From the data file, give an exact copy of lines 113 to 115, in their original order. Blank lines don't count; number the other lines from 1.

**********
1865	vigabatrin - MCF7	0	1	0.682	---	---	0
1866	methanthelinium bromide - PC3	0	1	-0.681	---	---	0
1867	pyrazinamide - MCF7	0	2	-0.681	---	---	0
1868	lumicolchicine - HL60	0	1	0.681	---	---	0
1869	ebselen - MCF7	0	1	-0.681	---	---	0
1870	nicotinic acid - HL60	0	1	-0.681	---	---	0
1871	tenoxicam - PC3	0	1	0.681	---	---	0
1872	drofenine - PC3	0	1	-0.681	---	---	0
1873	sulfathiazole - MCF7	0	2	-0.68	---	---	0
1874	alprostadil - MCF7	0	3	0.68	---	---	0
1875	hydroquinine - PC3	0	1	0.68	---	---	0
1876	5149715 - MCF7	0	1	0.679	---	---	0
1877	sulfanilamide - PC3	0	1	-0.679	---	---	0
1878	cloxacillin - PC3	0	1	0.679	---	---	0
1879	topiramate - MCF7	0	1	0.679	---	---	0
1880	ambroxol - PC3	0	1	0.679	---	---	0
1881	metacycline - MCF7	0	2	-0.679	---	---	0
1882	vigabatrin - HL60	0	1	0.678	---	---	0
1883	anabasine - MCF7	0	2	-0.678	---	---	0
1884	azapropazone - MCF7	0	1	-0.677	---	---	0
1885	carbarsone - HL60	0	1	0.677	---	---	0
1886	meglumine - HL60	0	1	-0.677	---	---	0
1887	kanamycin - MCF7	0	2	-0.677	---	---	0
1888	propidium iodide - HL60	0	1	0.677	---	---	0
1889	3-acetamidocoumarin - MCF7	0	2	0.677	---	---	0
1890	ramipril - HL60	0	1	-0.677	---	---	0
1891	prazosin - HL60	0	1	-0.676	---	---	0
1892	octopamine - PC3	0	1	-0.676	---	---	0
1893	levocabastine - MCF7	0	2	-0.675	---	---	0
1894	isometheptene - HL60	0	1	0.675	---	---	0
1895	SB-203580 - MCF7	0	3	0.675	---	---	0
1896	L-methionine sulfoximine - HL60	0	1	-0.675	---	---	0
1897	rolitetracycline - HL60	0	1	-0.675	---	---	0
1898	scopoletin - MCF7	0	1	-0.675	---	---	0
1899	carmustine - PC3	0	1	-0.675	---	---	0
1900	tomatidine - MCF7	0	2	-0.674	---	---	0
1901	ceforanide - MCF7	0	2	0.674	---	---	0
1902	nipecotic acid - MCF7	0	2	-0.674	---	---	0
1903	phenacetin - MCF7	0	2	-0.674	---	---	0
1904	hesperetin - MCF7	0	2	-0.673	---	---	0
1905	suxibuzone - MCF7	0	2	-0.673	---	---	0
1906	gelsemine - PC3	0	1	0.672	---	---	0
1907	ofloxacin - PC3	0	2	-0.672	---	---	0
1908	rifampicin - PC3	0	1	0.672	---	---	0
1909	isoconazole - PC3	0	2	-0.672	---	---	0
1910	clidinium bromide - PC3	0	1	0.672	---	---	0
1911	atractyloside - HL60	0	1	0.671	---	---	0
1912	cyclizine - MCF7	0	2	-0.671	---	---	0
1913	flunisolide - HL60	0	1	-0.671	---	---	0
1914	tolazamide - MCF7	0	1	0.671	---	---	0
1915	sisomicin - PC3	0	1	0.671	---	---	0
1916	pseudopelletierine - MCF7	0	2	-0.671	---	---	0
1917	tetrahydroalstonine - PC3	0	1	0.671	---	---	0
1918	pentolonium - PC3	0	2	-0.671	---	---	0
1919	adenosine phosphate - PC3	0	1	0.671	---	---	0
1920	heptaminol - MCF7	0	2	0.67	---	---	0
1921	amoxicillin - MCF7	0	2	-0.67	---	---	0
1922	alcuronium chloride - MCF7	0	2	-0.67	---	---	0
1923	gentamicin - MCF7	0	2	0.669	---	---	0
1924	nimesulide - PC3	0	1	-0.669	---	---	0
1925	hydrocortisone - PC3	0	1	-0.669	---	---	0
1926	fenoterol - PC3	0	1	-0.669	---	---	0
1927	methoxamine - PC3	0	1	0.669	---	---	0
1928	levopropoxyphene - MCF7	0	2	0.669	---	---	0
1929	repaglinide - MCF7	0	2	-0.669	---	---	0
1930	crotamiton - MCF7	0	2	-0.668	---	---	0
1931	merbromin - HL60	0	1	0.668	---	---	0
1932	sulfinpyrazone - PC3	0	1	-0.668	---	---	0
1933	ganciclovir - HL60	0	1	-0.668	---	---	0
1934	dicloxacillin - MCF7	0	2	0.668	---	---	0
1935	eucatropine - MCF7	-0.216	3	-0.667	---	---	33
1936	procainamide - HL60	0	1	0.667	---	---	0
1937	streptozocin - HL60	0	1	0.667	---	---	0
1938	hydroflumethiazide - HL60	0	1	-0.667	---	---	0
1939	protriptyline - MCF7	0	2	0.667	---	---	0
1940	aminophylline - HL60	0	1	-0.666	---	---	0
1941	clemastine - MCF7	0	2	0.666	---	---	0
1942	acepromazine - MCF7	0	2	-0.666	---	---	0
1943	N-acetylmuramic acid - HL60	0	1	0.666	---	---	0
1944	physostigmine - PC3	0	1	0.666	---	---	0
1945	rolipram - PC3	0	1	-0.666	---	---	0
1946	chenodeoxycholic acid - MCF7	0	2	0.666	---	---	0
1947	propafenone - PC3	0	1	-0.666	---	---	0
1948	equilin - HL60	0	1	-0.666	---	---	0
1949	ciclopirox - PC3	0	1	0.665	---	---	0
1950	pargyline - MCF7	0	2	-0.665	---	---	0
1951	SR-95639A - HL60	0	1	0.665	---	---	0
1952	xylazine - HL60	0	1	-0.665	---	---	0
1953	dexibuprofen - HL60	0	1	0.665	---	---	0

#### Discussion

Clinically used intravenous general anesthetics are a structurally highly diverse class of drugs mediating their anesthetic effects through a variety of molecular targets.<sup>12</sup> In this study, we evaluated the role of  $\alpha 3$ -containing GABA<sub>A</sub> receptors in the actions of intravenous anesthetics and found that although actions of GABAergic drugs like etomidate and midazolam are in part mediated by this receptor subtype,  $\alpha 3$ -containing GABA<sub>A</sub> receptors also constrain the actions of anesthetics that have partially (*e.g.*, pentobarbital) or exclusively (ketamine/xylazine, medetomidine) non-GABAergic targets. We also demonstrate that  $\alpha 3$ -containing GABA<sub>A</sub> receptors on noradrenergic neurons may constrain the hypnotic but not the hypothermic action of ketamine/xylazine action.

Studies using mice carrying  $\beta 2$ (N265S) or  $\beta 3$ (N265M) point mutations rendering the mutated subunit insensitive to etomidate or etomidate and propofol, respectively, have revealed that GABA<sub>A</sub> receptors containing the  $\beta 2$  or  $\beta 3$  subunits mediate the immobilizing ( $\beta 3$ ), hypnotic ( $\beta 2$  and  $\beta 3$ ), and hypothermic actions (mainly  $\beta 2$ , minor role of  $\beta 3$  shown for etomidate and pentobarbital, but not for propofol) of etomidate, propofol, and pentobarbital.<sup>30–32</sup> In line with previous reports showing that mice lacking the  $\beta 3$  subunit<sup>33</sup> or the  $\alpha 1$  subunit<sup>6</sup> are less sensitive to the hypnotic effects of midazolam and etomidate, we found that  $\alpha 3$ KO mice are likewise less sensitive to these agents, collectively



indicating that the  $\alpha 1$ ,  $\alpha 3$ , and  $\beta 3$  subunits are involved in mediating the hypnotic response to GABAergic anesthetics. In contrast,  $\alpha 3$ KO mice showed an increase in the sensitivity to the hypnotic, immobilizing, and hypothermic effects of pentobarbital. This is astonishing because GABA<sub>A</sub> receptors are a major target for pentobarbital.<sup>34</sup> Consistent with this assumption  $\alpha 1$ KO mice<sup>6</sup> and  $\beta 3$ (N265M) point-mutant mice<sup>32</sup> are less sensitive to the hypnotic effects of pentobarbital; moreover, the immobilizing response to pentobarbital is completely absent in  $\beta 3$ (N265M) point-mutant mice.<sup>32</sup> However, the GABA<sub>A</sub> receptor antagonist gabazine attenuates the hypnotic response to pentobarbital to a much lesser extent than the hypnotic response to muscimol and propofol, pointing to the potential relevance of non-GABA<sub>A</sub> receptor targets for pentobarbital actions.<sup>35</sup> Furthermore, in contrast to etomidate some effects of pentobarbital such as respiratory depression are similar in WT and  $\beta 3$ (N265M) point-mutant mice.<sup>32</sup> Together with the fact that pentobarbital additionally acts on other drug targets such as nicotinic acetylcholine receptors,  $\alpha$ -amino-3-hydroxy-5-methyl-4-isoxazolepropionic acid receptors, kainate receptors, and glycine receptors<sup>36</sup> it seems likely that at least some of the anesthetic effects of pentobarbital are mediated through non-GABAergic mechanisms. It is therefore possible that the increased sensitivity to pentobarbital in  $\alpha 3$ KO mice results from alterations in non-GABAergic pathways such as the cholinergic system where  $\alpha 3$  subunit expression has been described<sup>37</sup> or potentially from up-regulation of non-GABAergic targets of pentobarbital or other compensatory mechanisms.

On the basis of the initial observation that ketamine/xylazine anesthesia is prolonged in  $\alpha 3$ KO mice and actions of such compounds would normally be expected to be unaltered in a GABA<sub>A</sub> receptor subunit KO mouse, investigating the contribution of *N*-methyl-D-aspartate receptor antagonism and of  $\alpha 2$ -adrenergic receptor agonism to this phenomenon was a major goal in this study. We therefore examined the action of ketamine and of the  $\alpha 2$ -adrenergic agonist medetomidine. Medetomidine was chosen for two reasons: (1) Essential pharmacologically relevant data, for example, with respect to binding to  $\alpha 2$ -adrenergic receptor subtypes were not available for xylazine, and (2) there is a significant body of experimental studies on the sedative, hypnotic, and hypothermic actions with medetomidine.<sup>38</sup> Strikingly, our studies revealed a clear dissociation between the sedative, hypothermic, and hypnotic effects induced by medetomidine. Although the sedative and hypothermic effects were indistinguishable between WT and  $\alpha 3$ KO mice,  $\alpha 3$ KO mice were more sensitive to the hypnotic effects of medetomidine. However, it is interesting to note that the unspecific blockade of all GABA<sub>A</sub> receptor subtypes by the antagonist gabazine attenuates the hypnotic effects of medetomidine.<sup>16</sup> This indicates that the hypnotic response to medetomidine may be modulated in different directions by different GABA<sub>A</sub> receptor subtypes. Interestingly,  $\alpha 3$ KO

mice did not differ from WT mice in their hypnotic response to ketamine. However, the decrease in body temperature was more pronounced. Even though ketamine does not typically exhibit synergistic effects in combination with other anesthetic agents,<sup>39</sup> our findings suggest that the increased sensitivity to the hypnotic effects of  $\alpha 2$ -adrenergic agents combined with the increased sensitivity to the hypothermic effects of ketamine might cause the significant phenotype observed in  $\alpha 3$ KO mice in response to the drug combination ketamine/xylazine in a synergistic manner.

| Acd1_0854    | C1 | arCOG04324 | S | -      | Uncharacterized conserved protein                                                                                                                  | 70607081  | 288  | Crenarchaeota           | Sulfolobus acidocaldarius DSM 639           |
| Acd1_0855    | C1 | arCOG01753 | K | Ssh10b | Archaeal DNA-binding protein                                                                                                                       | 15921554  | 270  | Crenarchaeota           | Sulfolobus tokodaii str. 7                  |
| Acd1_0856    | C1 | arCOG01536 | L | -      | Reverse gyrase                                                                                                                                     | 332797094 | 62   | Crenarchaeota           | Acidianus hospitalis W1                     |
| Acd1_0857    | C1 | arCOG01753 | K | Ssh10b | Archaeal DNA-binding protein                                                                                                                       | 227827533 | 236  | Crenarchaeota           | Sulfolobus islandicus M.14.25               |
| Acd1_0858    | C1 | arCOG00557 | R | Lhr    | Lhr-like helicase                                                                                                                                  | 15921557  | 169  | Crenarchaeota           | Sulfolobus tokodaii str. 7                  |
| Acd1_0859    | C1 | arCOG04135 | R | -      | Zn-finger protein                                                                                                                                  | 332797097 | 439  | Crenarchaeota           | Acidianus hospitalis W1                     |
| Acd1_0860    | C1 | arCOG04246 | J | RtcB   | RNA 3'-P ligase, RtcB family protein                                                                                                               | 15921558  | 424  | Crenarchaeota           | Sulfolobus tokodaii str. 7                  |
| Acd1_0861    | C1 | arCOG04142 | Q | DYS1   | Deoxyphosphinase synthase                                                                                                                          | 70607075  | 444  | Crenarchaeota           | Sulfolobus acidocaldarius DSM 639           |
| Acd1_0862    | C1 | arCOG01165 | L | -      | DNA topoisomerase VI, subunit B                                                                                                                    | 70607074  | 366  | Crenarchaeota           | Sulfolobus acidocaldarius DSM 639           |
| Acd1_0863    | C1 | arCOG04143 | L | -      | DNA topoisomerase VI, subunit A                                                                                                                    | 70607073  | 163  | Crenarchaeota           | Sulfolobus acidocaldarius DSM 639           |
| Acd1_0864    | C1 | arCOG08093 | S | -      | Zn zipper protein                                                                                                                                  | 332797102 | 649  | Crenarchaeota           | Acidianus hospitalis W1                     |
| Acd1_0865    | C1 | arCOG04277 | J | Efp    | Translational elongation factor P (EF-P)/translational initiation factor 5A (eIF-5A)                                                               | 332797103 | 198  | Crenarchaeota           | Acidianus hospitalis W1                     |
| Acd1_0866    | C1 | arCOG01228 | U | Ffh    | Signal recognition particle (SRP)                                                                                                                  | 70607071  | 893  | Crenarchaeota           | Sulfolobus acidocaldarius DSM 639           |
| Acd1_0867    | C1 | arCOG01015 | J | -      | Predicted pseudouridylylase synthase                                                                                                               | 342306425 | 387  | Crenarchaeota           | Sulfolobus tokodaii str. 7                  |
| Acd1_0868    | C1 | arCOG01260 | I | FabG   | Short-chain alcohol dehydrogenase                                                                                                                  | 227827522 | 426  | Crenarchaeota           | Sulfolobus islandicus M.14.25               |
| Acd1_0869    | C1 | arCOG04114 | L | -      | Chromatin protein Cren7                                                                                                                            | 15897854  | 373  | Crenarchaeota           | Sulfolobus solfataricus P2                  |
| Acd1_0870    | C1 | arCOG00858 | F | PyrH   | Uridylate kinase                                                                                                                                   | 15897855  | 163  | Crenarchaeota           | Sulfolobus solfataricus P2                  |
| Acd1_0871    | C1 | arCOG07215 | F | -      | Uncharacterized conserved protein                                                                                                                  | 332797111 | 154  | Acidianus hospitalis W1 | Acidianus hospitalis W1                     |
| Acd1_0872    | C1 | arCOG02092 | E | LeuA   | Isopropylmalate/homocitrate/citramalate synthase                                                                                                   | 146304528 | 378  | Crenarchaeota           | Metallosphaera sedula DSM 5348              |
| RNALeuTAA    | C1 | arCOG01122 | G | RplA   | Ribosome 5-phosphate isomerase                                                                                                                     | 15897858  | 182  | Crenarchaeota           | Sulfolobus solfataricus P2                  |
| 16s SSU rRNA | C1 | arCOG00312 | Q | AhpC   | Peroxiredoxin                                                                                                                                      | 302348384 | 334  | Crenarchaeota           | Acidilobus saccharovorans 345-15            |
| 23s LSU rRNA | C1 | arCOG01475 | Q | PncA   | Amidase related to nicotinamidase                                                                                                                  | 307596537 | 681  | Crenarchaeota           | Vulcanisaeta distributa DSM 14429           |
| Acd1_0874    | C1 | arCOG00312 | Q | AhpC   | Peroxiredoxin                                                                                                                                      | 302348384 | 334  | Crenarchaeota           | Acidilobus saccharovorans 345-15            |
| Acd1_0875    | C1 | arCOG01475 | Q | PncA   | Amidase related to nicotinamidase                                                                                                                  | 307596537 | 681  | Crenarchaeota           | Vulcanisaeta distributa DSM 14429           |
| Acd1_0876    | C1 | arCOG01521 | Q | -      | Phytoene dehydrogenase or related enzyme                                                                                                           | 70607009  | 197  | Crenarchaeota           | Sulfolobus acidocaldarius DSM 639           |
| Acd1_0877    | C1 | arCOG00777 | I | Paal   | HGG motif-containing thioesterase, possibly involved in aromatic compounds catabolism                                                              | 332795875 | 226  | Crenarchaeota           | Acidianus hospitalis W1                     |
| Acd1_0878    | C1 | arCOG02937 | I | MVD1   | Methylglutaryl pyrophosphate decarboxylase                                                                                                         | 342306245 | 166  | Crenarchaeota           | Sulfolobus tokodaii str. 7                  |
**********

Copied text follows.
| Acd1_0871    | C1 | arCOG07215 | F | -      | Uncharacterized conserved protein                                                                                                                  | 332797111 | 154  | Acidianus hospitalis W1 | Acidianus hospitalis W1                     |
| Acd1_0872    | C1 | arCOG02092 | E | LeuA   | Isopropylmalate/homocitrate/citramalate synthase                                                                                                   | 146304528 | 378  | Crenarchaeota           | Metallosphaera sedula DSM 5348              |
| RNALeuTAA    | C1 | arCOG01122 | G | RplA   | Ribosome 5-phosphate isomerase                                                                                                                     | 15897858  | 182  | Crenarchaeota           | Sulfolobus solfataricus P2                  |